Posts Tagged With: chris chibnall

Notes on the Thirteenth Doctor

Dear Fandom – 

1. Within certain social parameters, the role of Doctor Who is to entertain. The ideal candidate for the Doctor may be black, Asian, Inuit, Native American, gay, bisexual, androgynous, non-binary. Or it may be a thirty-something white male. You will have to deal with that.

2. The fans do not have control over the show. There is a good reason for this.

3. Just because we’ve never had a female Doctor before, it doesn’t mean it’s not going to work.

4. Just because we’ve never had a female Doctor before, it doesn’t mean it’s going to work.

5. New incarnations come and go all the time. Change is part of the show. I cannot believe we’re still having this conversation.

6. “Nurse Who”? Really? That’s the best you can manage?

7. Jodie Whittaker may be brilliant. Or she may be dreadful. You don’t know. Neither do I. But do not fill the gaps with a worst case scenario and think you’ve developed an unshakable prediction.

8. I thought Matt Smith was going to be a trainwreck. Then he opened his mouth, and all was forgiven. “I beseech you, in the bowels of Christ, think it possible you may be mistaken.”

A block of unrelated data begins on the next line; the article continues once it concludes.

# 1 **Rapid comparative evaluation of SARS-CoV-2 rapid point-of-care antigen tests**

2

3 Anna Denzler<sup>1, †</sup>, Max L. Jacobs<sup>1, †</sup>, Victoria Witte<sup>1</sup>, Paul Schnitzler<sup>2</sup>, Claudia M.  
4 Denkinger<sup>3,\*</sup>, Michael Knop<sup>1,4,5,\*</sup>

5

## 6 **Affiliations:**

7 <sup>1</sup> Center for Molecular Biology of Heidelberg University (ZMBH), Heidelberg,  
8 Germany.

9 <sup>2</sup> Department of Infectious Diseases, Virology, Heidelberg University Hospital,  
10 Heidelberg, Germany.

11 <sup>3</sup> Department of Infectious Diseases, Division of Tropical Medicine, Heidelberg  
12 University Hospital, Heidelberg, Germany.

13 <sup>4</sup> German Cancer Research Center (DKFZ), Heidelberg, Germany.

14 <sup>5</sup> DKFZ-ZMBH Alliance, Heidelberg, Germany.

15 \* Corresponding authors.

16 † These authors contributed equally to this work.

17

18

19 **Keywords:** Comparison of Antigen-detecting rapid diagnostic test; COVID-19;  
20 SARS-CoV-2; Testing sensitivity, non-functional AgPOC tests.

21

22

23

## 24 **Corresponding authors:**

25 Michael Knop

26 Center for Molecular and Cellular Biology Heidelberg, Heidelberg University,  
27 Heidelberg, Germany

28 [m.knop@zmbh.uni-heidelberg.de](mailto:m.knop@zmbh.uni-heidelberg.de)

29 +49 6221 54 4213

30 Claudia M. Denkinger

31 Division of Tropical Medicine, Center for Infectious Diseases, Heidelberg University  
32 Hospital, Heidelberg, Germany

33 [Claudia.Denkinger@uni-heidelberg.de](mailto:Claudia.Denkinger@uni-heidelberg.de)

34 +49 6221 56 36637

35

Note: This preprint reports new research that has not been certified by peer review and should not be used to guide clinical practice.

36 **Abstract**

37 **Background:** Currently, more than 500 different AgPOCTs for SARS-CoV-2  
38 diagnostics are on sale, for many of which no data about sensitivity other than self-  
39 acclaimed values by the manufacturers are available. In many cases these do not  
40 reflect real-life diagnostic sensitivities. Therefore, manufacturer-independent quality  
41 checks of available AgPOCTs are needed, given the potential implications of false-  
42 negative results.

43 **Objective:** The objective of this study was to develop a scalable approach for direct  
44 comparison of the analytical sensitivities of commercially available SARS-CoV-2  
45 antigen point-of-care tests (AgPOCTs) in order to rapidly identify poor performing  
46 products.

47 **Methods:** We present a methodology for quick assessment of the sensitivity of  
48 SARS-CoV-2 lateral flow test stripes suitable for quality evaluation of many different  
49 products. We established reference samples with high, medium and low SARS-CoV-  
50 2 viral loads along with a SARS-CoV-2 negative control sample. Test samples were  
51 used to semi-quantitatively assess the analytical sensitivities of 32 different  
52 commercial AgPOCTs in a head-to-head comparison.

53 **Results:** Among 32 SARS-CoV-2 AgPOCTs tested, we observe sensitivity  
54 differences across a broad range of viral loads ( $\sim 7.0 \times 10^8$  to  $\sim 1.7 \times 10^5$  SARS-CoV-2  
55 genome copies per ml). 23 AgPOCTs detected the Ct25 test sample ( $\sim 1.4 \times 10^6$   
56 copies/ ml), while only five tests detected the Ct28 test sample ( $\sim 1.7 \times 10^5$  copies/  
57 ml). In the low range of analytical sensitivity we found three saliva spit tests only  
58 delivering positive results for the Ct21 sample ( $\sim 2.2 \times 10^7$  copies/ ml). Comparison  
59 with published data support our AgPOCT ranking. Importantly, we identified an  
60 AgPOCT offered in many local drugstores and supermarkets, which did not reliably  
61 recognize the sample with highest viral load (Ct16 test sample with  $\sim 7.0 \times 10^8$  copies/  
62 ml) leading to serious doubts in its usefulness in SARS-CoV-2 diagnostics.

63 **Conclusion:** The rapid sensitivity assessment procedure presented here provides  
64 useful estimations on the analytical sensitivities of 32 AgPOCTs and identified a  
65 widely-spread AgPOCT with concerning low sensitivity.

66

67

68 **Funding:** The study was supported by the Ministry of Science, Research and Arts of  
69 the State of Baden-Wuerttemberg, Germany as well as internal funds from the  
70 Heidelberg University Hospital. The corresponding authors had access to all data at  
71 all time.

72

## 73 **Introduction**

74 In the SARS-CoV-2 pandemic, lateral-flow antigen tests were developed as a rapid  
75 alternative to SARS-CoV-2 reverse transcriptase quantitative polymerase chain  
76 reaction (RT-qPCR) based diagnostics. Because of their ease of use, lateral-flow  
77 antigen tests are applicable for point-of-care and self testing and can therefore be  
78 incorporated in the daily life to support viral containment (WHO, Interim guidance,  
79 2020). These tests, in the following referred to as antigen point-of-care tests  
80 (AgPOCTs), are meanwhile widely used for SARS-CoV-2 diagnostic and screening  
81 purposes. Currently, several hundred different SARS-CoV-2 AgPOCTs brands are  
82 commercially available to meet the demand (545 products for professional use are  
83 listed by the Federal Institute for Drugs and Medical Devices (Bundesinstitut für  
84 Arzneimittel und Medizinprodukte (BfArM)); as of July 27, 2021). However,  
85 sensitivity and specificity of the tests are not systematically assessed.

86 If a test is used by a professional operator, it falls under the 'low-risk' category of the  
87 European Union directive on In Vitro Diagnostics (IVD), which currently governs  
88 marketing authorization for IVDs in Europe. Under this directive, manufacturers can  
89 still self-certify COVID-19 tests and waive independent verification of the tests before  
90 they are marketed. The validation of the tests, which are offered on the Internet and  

9. The ‘Yeah, it really worked for Ghostbusters’ argument is founded on false logic and we both know it.

10. The notion that you believe your £150 license fee entitles you to any sort of stake in this is frankly laughable.

11. Stop calling Doctor Who a liberal left-wing show. It isn’t.

12. You do not get to say who is a ‘fan’ of the show, whether that person likes a particular Doctor or hates them. They’re just someone with an opinion. That opinion may be worthless, but the bar of acceptable levels of service to a particular programme is not and cannot be set by you. Sorry.

13. Those of you who say you’ll stop watching: we’ll believe it when we see it.

14. Whether you’re left or right wing, your ‘passion’ for the show and the fact that you love and care about it so deeply does not entitle you to be a dick. That’s the same argument Isaac used on Dom in Holby City to justify his emotional and physical abuse. Didn’t work then either.